Restaurant workers found to be paying for lobbying to keep wages low

National Restaurant Association comes under fire after scathing report

Restaurant workers found to be paying for lobbying to keep wages low

One group has vowed to encourage restaurant workers to avoid an industry-standard training provider following a report detailing how they are being lured to pay for lobbying to keep their wages low.

ServSafe – which provides an online class in food safety for $15 per worker – doubles as a fundraising arm of the National Restaurant Association, which represents more than 500,000 restaurant businesses, reported The New York Times.

“For years, the restaurant association and its affiliates have used ServSafe to create an arrangement with few parallels in Washington, where labor unwittingly helps to pay for management’s lobbying,” according to the report. “First, in 2007, the restaurant owners took control of a training business. Then they helped lobby states to mandate the kind of training they already provided – producing a flood of paying customers.”

Now, one group is looking forward to coming battles over the federal minimum wages in as many as nine states run by Democrats, and they are calling on workers to avoid ServSafe.

“We’ll be telling them to use any possible alternatives,” Saru Jayaraman of the labor-advocacy group One Fair Wage said in The New York Times report.

“Anything that is a barrier to entry can be exploitative. I believe [it] is food safety training – who wouldn't support that? – but requiring that a low-wage worker pay for that training, and then using it to lobby to keep wages low? Shame,” added Betty Macon, HR consultant at Red Truck Consulting, said via LinkedIn.

But it turns out even some members of the association did not know about the scheme.

“It feels very wrong,” said Johnny Martinez, a Georgia restaurateur, upon discovering the connections between ServSafe and lobbying efforts, according to the report. “This is a certification that’s also wrapped up inside of a lobbyist. It is weird that the tests that they require the workers to pay for are being run by the same company that’s fighting to make sure those people don’t make more money.”

In September 2022, California Gov. Gavin Newsom signed AB 257, a bill to not only regulate the fast-food industry, but also give unprecedented power to the 556,000 Californians working in fast-food restaurants. But recently, a California court temporarily halted the implementation of the law that boosts the minimum pay for fast-food employees to nearly $22 per hour.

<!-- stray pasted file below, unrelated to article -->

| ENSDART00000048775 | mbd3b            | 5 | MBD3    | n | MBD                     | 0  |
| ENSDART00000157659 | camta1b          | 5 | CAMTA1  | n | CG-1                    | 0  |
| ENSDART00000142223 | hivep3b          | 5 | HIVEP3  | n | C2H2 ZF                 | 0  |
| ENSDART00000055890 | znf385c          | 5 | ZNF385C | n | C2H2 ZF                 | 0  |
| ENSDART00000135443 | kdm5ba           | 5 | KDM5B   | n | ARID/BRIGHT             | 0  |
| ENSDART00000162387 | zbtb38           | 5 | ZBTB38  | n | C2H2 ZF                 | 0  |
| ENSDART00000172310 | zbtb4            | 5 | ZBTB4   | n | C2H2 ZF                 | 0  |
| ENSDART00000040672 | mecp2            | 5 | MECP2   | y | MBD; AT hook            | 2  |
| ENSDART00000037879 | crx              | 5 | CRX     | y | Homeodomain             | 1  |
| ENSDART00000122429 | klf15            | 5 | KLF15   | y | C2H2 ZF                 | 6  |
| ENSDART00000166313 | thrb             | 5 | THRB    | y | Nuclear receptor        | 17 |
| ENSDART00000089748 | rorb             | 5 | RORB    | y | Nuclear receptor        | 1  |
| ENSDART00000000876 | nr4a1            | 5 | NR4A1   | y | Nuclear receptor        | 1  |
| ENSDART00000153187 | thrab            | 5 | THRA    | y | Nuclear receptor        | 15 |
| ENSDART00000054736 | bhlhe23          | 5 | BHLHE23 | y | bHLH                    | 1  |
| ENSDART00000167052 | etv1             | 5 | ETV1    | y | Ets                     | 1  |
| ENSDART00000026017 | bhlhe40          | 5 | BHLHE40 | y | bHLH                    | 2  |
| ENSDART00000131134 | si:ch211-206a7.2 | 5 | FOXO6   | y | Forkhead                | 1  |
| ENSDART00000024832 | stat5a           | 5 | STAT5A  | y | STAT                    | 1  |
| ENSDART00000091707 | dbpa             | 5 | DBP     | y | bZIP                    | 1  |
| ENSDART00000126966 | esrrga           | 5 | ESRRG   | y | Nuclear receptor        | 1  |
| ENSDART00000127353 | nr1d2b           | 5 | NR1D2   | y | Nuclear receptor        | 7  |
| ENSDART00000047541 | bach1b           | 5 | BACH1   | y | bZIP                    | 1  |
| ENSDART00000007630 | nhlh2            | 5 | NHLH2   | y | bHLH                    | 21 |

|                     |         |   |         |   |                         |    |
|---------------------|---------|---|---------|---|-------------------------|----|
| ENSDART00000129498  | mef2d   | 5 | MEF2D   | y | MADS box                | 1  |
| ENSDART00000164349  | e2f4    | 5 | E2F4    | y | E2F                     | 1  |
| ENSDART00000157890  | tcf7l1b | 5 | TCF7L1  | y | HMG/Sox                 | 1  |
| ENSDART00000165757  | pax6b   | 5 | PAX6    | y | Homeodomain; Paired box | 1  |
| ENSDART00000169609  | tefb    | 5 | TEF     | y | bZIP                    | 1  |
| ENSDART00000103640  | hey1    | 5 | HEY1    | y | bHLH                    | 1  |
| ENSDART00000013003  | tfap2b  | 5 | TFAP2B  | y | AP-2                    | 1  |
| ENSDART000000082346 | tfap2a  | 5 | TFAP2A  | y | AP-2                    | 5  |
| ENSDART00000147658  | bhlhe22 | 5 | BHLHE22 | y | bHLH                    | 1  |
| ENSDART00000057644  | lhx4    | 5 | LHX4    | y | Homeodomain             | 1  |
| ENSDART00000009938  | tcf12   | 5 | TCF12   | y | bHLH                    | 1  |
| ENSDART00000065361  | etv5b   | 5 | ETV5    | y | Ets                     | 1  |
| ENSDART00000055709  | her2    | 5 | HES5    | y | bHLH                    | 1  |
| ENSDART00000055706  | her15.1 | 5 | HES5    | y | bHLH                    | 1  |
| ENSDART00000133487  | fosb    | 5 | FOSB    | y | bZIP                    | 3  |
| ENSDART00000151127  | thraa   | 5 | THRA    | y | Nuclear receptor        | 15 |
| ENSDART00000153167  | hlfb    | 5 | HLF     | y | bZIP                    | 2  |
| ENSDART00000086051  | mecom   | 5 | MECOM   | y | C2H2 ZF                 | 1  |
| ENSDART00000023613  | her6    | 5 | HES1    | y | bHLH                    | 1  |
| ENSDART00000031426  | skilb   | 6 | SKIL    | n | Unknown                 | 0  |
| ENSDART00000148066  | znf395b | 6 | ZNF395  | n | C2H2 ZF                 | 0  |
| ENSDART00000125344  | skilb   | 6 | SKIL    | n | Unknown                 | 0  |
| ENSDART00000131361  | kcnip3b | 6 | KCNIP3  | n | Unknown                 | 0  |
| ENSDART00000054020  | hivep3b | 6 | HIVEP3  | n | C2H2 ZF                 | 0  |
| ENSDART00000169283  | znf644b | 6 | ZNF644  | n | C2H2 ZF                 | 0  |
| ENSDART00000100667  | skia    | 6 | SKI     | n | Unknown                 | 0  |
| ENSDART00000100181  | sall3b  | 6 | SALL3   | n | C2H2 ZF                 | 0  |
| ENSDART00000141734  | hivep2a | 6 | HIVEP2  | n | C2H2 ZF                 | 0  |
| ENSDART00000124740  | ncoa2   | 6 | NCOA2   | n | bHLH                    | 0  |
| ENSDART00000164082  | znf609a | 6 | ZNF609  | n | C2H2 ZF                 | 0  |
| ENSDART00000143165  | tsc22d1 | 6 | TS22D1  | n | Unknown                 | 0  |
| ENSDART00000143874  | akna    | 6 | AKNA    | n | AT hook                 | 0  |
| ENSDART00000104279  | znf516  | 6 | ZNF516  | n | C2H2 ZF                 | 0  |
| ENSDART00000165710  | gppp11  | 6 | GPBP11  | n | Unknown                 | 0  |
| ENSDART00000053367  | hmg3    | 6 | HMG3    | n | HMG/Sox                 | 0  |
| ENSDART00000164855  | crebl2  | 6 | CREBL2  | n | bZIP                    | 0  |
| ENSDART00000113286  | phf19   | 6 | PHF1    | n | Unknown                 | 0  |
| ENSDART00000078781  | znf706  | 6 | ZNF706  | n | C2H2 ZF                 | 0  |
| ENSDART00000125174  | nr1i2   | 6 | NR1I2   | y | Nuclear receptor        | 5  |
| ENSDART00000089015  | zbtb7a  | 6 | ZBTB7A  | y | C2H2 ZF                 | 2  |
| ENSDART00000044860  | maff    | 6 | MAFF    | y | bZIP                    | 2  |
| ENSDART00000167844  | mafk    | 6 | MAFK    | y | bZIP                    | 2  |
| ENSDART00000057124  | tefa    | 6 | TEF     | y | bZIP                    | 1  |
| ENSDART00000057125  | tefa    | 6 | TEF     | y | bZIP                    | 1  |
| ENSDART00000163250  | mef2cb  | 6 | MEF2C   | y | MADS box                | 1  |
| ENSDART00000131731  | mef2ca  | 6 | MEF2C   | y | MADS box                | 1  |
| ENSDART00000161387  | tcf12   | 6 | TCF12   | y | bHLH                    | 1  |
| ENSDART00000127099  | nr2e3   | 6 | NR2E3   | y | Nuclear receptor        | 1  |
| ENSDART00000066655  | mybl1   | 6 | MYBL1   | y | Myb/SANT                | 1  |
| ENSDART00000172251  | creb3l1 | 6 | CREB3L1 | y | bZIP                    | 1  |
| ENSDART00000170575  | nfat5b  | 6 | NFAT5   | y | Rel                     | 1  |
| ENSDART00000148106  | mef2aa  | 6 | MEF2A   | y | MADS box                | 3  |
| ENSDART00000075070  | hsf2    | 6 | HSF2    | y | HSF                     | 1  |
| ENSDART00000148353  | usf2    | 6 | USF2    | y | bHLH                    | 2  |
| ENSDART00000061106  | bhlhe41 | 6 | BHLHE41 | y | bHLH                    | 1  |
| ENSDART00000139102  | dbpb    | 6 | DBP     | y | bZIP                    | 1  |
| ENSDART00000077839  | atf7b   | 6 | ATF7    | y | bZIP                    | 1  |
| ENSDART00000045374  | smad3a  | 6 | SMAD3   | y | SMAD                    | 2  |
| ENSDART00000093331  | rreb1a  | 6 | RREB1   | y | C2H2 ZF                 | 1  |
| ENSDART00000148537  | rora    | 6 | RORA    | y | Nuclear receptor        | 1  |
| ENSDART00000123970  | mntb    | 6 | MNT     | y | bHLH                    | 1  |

Putting in millions

More than 3.6 million workers have taken the National Restaurant Association training that provides lessons like “bathe daily” and “strawberries aren’t supposed to be white and fuzzy, that’s mold,” according to The New York Times report.

That equates to $25 million in revenue to the restaurant industry’s lobbying arm since 2010.

That is 2% of the association’s total revenues over that same period, but more than half of the amount its members paid in dues, according to the report.

And the majority of workers in the industry might have helped.

“ServSafe is very much the Kleenex” of the industry — a brand that defines the business, said Nick Eastwood, who runs a competitor called Always Food Safe, in the report. “We believe they’ve got at least 70 percent-plus of the market. Maybe higher.”

Meanwhile, the average S&P 500 company’s CEO-to-worker pay ratio was 324-to-1 in 2021, noted the American Federation of Labor and Congress of Industrial Organizations (AFL–CIO), the largest federation of unions in the United States.

Recent articles & video

Zoom CEO: 'I'm accountable for these mistakes'

LAFD official can't stand the heat, retires amid sexual harassment allegations

Boeing cuts back on HR support services

California nurses allege inmates on suicide watch sexually harassed them

Most Read Articles

Walmart names new chief people officer for U.S. operations

Pay transparency laws ‘make compliance a nightmare’ in remote world

Unemployment rate drops to 53-year low